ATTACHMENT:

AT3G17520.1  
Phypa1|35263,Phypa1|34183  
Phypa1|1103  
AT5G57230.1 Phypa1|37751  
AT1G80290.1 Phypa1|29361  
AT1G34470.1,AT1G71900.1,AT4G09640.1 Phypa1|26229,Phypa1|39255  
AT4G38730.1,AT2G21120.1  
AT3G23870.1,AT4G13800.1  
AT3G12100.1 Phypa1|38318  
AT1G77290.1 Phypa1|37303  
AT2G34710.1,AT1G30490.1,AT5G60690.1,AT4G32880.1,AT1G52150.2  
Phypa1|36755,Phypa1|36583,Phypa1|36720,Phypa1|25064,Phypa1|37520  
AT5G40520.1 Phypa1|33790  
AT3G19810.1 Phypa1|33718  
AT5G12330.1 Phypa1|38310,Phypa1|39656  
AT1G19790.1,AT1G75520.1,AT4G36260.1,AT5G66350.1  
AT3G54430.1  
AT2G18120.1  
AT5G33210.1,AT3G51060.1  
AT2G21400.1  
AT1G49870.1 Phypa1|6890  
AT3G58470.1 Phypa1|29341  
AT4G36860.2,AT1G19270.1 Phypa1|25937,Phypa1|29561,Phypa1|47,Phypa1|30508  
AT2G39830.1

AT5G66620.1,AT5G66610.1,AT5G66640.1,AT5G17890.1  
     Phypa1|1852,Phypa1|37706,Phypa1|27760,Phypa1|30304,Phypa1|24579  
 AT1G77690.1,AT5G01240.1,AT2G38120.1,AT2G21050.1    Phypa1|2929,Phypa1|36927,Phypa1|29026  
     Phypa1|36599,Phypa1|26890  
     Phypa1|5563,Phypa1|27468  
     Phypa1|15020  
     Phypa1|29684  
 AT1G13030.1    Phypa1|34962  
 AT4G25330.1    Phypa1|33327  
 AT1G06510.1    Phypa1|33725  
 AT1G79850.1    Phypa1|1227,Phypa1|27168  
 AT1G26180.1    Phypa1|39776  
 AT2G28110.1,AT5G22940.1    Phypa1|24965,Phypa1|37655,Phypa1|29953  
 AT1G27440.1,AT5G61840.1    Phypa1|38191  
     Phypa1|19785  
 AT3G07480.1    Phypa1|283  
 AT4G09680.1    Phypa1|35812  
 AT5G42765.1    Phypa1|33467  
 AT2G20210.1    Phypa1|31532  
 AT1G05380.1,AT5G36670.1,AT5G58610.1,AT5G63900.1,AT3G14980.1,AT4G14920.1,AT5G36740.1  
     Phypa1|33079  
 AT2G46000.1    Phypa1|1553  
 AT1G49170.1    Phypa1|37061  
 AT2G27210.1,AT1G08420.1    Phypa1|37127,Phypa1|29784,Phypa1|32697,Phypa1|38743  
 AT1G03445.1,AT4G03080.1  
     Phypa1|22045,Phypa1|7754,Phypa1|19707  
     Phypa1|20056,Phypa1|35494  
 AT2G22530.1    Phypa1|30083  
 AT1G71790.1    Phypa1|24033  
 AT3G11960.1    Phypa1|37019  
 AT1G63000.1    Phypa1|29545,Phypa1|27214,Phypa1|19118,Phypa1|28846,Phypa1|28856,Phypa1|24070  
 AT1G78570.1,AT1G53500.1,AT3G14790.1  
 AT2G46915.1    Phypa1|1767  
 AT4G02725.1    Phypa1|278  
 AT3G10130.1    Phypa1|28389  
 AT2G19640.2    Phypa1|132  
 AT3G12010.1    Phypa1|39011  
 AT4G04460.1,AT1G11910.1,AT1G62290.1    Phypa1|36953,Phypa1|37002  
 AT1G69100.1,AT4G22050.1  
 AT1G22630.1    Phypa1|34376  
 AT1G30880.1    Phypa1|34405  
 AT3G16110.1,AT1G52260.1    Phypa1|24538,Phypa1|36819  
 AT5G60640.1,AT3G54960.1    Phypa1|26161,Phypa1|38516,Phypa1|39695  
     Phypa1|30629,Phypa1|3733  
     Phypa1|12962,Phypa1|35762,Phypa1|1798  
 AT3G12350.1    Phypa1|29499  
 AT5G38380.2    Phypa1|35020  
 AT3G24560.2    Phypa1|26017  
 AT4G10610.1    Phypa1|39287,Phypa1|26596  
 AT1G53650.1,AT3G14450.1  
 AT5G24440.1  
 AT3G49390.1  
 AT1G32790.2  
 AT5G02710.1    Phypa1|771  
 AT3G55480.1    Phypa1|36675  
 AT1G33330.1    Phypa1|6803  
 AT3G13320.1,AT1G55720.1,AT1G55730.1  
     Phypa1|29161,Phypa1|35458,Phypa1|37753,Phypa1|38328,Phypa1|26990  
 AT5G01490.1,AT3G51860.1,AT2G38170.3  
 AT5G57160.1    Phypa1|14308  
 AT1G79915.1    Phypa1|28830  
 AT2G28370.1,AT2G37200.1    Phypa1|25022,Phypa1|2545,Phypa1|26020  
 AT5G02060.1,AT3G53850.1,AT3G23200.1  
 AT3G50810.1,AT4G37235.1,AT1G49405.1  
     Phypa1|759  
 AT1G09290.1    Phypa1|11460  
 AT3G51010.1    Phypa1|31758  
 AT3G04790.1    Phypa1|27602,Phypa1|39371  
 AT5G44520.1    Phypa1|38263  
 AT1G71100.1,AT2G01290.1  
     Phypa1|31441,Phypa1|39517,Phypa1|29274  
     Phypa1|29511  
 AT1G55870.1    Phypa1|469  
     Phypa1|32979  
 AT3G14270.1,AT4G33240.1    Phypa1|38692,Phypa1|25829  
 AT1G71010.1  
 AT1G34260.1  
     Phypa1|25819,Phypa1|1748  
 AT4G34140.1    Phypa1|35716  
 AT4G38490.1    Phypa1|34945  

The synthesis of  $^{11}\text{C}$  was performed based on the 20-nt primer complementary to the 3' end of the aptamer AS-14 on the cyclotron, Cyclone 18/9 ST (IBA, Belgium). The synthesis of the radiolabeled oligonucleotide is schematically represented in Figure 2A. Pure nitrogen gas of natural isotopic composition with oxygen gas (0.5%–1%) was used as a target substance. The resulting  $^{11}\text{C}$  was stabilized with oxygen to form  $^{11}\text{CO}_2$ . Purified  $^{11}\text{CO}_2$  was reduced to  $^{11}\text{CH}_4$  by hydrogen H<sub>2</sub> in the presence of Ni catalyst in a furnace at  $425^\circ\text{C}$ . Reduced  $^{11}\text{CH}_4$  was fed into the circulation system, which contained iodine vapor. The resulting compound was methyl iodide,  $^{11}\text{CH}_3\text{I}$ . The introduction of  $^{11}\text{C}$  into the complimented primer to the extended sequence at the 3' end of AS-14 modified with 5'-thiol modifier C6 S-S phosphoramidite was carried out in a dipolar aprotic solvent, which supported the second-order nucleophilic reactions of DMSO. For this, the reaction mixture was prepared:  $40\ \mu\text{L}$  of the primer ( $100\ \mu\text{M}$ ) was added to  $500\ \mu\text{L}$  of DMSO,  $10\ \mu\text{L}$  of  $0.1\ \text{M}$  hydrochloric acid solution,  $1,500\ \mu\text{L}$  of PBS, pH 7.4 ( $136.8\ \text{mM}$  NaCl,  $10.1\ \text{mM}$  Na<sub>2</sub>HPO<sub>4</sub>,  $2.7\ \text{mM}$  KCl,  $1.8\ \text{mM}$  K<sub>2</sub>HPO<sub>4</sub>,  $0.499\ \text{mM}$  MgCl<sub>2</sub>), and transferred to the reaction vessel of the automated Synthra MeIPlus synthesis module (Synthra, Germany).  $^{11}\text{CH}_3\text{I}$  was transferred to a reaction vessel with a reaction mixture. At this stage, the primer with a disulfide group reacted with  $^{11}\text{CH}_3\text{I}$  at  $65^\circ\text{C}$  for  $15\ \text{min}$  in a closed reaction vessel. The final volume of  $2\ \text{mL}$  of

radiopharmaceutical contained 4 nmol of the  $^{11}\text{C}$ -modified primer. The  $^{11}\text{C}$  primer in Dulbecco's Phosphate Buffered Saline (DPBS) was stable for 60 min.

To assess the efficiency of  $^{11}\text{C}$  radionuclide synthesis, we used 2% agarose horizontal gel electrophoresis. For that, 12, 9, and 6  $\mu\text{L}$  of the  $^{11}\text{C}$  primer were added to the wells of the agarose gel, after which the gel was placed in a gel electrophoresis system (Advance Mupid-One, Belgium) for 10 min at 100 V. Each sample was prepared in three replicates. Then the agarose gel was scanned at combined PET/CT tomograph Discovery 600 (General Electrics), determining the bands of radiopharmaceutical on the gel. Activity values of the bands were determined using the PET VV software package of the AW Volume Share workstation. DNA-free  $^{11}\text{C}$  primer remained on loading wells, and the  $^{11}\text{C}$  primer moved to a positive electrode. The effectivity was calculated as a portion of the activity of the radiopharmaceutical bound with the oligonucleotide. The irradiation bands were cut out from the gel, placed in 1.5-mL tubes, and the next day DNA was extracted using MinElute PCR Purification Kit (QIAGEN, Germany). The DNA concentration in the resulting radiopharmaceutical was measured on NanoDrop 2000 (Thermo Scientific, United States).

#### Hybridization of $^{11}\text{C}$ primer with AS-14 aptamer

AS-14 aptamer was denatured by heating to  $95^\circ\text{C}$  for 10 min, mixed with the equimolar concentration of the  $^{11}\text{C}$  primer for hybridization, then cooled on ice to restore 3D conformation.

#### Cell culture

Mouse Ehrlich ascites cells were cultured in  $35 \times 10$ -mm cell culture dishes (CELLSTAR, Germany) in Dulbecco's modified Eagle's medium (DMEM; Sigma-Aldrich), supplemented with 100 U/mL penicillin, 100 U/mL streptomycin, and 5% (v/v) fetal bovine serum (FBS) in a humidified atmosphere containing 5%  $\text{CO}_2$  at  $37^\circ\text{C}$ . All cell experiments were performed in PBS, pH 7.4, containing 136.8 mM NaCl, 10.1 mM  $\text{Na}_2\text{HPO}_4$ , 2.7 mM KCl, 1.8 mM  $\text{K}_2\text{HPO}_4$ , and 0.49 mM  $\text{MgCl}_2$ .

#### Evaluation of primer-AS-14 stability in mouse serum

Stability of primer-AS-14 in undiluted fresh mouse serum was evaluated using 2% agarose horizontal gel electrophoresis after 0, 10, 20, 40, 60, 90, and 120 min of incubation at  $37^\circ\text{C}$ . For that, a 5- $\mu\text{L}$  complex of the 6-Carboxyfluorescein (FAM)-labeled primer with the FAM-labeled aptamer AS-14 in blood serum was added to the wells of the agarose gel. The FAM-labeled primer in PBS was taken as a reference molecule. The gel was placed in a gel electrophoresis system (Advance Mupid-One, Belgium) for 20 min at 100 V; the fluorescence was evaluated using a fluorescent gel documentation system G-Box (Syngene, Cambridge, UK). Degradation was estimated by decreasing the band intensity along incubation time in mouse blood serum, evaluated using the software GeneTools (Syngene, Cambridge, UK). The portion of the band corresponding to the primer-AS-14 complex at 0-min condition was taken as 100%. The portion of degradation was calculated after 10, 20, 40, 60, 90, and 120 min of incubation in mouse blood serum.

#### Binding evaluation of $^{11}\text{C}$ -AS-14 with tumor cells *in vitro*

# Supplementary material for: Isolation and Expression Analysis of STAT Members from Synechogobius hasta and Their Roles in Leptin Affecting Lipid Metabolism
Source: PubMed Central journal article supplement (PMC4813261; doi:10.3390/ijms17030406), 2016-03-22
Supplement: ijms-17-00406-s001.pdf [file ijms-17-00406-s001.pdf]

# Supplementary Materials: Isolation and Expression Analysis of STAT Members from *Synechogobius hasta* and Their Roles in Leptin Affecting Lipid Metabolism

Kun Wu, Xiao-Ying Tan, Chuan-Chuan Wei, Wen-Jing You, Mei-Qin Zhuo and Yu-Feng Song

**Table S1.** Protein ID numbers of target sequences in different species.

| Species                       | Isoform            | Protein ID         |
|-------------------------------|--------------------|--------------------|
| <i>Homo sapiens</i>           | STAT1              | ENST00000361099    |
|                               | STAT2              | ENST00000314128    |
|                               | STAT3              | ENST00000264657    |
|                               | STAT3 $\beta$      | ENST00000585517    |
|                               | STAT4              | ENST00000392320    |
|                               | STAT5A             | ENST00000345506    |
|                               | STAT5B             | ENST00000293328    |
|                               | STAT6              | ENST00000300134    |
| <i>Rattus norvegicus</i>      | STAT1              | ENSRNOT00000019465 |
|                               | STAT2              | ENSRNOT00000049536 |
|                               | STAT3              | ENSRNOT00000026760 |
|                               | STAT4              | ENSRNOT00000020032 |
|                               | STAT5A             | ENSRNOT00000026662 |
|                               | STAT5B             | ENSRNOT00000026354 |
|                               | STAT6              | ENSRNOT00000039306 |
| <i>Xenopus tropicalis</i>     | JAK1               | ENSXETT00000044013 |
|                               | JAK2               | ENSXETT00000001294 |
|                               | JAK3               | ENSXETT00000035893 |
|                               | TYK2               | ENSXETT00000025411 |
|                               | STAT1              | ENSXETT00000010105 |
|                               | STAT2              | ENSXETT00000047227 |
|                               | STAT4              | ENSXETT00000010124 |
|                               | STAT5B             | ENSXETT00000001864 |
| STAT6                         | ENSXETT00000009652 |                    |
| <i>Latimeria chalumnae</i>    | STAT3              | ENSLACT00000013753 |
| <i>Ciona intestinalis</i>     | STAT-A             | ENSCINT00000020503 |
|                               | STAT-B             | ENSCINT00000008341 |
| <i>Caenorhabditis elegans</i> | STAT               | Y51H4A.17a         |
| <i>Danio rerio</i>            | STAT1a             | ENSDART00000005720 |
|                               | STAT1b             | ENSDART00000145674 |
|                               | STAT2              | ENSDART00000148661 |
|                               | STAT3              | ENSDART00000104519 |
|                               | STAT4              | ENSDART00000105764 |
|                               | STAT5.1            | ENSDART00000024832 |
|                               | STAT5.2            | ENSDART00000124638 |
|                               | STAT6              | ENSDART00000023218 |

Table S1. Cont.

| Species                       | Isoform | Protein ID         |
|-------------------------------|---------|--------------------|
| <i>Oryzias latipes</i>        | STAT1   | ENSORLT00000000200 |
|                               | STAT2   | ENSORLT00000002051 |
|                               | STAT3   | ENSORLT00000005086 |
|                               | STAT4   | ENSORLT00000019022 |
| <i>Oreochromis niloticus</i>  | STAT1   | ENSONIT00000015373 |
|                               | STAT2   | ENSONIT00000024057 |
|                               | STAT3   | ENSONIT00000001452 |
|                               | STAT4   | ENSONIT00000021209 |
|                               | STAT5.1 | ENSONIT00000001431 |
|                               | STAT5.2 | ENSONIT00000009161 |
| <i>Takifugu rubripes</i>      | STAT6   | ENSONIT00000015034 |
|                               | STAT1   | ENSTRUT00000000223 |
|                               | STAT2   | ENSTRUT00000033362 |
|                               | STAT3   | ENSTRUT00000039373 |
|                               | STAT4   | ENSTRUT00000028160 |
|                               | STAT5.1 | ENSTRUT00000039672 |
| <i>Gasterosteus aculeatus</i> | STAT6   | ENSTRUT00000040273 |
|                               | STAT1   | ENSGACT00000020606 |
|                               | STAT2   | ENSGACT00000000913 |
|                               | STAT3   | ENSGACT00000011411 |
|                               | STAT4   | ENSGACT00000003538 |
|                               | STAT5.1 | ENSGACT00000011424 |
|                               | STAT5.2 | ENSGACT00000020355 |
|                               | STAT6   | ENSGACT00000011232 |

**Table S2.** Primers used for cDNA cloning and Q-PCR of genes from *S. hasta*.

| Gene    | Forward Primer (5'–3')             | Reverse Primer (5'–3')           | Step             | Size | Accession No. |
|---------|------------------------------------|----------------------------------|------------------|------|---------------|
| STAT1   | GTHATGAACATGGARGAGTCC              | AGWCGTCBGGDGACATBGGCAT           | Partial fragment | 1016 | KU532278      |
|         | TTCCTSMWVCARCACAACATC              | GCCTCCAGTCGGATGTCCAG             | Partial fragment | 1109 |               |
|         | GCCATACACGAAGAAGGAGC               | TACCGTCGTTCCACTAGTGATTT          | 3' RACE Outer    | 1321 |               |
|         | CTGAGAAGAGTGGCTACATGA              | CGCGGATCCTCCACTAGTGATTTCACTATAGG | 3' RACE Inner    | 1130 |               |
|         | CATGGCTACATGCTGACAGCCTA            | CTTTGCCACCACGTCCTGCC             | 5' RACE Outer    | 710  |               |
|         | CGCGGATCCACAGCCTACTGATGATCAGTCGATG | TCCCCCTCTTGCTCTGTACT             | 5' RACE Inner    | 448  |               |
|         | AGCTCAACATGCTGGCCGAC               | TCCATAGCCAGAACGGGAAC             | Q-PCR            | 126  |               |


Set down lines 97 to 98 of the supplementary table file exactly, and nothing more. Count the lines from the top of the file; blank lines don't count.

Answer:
 AT1G55870.1    Phypa1|469  
     Phypa1|32979  